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St. Louis • After she finished her floor routine Friday, MyKayla Skinner turned to the Utah crowd and pumped her fists in the air and urged the fans to their feet.

They responded by giving her a standing ovation.

While the celebration was for Skinner's 9.9625 floor routine, which capped Utah's comeback to earn a spot in the Saturday's Super Six, they might have been honoring an NCAA champion too.

Skinner leads the all-around competition with a 39.6125 and the floor competition as well. She is also tied for first on the vault.

If those scores hold through Friday's evening session, Skinner will become Utah's first floor champion since Missy Marlowe in 1992, Utah's first vault champion since Kristen Kenoyer in 1992 and Utah's first all-around winner since Theresa Kulikowski in 1999.

Skinner scored 9.9 on vault, 9.8375 on bars and 9.9125 on the balance beam, then capped off her day with the big floor effort.

While the Utes stress the team competition, co-coach Tom Farden said winning an NCAA all-around title would be a special moment, given how rare it is.

"It's a testament to her hard work," he said. "She looked great tonight. Her legs looked strong and she stuck her vault and just drilled floor. We know when she has fresh legs you better look out."

The Utah freshman entered the NCAAs as one of the favorites, having won 11 of 12 all-around competitions and 10 floor titles this season.

All year Skinner has used the disappointment of being passed over for a spot with the Olympic team as motivation.

On Friday, on college gymnastics' biggest stage, she seemed satisfied enough to have given it her all.

"My first season of college gymnastics, I just wanted to end it the best I can," she said. "I just wanted to get the team into the finals and do the best I could."

Skinner was in a battle for the lead in the afternoon with Oklahoma's Maggie Nichols and UCLA's Kyla Ross. Skinner had an uncharacteristic slight break on the bars when she went over a bit on a handstand, but luckily for her she was able to deliver the big floor routine while Nichols and Ross also faltered.

Ross finished with just a 9.8375 on the vault and Nichols fell on the beam scoring 9.35.

Other favorites, Oklahoma's Chayse Capps and UCLA's Madison Kocian, also had small breaks to take themselves out of the running.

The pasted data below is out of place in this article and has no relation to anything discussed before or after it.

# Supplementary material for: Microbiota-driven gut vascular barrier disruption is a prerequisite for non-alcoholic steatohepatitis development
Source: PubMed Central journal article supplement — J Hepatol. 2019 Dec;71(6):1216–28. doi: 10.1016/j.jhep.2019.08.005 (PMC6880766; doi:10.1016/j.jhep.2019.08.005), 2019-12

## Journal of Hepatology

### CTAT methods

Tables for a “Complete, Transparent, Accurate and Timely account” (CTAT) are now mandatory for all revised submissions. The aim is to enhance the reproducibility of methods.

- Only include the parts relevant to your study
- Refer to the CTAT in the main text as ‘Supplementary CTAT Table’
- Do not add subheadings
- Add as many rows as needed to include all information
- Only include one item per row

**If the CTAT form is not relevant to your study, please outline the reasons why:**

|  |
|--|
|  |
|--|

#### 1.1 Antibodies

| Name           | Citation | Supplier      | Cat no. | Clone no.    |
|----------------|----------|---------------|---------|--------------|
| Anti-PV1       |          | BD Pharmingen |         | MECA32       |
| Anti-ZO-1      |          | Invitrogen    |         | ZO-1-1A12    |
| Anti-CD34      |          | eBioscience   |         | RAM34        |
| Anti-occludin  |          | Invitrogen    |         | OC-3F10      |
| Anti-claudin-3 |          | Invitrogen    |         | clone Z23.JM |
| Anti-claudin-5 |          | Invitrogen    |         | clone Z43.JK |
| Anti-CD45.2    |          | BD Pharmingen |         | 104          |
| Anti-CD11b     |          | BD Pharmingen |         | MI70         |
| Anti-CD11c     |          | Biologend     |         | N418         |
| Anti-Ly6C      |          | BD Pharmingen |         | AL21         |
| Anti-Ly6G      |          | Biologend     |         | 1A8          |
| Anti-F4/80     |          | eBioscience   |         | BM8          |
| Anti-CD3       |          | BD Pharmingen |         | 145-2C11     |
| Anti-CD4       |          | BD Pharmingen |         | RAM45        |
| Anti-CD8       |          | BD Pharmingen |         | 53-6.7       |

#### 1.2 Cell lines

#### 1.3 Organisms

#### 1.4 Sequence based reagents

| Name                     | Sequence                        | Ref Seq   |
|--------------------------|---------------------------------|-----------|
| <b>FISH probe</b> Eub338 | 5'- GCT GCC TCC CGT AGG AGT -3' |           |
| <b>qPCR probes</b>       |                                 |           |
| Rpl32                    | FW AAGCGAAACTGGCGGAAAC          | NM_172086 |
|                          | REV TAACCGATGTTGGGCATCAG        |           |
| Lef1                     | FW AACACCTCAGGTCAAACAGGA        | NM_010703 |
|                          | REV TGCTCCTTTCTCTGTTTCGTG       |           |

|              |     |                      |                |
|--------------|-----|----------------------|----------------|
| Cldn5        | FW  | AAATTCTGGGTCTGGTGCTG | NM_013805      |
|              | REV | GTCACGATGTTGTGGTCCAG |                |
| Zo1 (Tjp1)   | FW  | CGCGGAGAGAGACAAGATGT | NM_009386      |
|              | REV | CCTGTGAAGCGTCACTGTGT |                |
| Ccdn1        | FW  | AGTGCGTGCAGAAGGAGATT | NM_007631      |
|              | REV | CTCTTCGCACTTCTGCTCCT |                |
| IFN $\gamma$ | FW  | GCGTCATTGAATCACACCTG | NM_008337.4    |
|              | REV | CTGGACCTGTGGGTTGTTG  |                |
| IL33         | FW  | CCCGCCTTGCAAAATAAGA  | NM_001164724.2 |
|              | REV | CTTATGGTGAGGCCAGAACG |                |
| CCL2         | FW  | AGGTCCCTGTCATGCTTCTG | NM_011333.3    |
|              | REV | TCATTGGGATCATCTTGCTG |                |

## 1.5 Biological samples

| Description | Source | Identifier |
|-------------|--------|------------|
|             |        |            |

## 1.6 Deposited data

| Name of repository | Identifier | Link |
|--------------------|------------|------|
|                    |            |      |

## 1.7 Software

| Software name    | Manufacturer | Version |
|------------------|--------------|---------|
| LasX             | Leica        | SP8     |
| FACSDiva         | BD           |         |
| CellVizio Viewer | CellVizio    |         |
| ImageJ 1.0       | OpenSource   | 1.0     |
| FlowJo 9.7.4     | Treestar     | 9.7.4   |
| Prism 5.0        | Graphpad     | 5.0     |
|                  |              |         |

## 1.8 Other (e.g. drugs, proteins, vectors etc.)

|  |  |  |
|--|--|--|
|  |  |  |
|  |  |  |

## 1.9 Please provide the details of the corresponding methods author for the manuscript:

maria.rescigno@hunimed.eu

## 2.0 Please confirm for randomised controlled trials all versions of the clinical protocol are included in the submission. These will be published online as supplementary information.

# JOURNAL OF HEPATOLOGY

But even if those gymnasts had hit, they wouldn't have been able to finish ahead of Skinner who finished her competition with one of her best floor routines of the year.

Skinner, who arguably has more difficulty in her floor routine than any collegiate gymnast, nailed every pass.

She finished facing Utah's group of fans and immediately went into celebration mode.

"I got to come in here on floor on a podium and do my thing," she said. "I got to sell my floor routine and enjoy it."


• Skinner's hold on the vault title was short-lived as the evening session began at the NCAA Championships.

Skinner, who held the all-around lead with a 39.6125, the vault lead with a 9.9 and the floor lead with 9.9625, is in danger of losing all three as the scores are noticeably higher.

Already Florida's Alex McMurtry moved into the lead for the vault title with a 9.975 and LSU's Ashleigh Gnat was given a 9.9625 to tie Skinner for the floor lead.

Gnat doesn't compete in the all-around, but McMurtry does, making her a threat to Skinner's bid to become Utah's first all-around winner since Theresa Kulikowski in 1999. —

Individual NCAA winners

• Vault: Kennedi Edney (LSU), 9.9875

• Uneven bars: Alex McMurtry (Florida), Katie Bailey (Alabama) and Sarah Finnegan (LSU), Nicole Lehrmann (Oklahoma), Maggie Nichols (Oklahoma), Kyla Ross (UCLA), 9.95

• Balance beam: Kyla Ross (UCLA), 9.9625

• Floor: MyKayla Skinner (Utah), Ashleigh Gnat (LSU), 9.9625

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